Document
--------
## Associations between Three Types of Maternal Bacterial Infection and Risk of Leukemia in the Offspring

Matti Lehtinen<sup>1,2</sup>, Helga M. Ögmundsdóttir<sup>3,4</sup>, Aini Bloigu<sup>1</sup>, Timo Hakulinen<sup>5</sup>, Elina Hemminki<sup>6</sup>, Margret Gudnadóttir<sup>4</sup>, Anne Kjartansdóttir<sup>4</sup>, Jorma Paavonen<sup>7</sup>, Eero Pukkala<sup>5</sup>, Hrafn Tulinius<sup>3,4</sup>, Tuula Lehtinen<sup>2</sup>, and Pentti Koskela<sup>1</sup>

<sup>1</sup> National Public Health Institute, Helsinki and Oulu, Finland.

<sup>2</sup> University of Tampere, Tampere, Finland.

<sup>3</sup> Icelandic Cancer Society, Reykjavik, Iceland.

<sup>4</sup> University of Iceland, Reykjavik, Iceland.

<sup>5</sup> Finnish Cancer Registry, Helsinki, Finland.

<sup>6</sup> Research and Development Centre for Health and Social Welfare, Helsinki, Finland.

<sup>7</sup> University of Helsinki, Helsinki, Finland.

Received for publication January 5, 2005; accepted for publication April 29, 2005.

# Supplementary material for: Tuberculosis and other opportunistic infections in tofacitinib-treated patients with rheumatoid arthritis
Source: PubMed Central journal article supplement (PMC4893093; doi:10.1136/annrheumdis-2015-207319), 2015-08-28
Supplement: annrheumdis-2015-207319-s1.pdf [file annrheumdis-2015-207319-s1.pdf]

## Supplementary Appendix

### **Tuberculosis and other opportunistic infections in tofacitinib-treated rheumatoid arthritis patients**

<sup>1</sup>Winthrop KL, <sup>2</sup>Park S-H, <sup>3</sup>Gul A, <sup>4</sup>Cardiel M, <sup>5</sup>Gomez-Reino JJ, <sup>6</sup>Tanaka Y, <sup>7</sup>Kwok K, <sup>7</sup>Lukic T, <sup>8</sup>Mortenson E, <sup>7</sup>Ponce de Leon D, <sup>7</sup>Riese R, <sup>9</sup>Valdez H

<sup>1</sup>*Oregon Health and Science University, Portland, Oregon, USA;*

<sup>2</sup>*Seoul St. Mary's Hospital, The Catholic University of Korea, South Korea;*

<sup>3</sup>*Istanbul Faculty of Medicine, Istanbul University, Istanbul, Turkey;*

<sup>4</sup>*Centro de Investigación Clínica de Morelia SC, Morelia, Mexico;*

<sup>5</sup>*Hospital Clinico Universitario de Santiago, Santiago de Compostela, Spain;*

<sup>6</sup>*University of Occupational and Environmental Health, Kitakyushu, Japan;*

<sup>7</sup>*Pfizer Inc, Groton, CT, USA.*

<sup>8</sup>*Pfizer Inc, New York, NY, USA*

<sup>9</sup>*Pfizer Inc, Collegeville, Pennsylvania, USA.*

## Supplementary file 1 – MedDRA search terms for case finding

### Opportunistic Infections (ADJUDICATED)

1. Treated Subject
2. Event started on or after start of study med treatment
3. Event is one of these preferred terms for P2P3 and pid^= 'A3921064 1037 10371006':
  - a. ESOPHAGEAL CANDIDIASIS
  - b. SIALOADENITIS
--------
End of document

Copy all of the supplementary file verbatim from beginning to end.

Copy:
## Associations between Three Types of Maternal Bacterial Infection and Risk of Leukemia in the Offspring

Matti Lehtinen<sup>1,2</sup>, Helga M. Ögmundsdóttir<sup>3,4</sup>, Aini Bloigu<sup>1</sup>, Timo Hakulinen<sup>5</sup>, Elina Hemminki<sup>6</sup>, Margret Gudnadóttir<sup>4</sup>, Anne Kjartansdóttir<sup>4</sup>, Jorma Paavonen<sup>7</sup>, Eero Pukkala<sup>5</sup>, Hrafn Tulinius<sup>3,4</sup>, Tuula Lehtinen<sup>2</sup>, and Pentti Koskela<sup>1</sup>

<sup>1</sup> National Public Health Institute, Helsinki and Oulu, Finland.

<sup>2</sup> University of Tampere, Tampere, Finland.

<sup>3</sup> Icelandic Cancer Society, Reykjavik, Iceland.

<sup>4</sup> University of Iceland, Reykjavik, Iceland.

<sup>5</sup> Finnish Cancer Registry, Helsinki, Finland.

<sup>6</sup> Research and Development Centre for Health and Social Welfare, Helsinki, Finland.

<sup>7</sup> University of Helsinki, Helsinki, Finland.

Received for publication January 5, 2005; accepted for publication April 29, 2005.

# Supplementary material for: Tuberculosis and other opportunistic infections in tofacitinib-treated patients with rheumatoid arthritis
Source: PubMed Central journal article supplement (PMC4893093; doi:10.1136/annrheumdis-2015-207319), 2015-08-28
Supplement: annrheumdis-2015-207319-s1.pdf [file annrheumdis-2015-207319-s1.pdf]

## Supplementary Appendix

### **Tuberculosis and other opportunistic infections in tofacitinib-treated rheumatoid arthritis patients**

<sup>1</sup>Winthrop KL, <sup>2</sup>Park S-H, <sup>3</sup>Gul A, <sup>4</sup>Cardiel M, <sup>5</sup>Gomez-Reino JJ, <sup>6</sup>Tanaka Y, <sup>7</sup>Kwok K, <sup>7</sup>Lukic T, <sup>8</sup>Mortenson E, <sup>7</sup>Ponce de Leon D, <sup>7</sup>Riese R, <sup>9</sup>Valdez H

<sup>1</sup>*Oregon Health and Science University, Portland, Oregon, USA;*

<sup>2</sup>*Seoul St. Mary's Hospital, The Catholic University of Korea, South Korea;*

<sup>3</sup>*Istanbul Faculty of Medicine, Istanbul University, Istanbul, Turkey;*

<sup>4</sup>*Centro de Investigación Clínica de Morelia SC, Morelia, Mexico;*

<sup>5</sup>*Hospital Clinico Universitario de Santiago, Santiago de Compostela, Spain;*

<sup>6</sup>*University of Occupational and Environmental Health, Kitakyushu, Japan;*

<sup>7</sup>*Pfizer Inc, Groton, CT, USA.*

<sup>8</sup>*Pfizer Inc, New York, NY, USA*

<sup>9</sup>*Pfizer Inc, Collegeville, Pennsylvania, USA.*

## Supplementary file 1 – MedDRA search terms for case finding

### Opportunistic Infections (ADJUDICATED)

1. Treated Subject
2. Event started on or after start of study med treatment
3. Event is one of these preferred terms for P2P3 and pid^= 'A3921064 1037 10371006':
  - a. ESOPHAGEAL CANDIDIASIS
  - b. SIALOADENITIS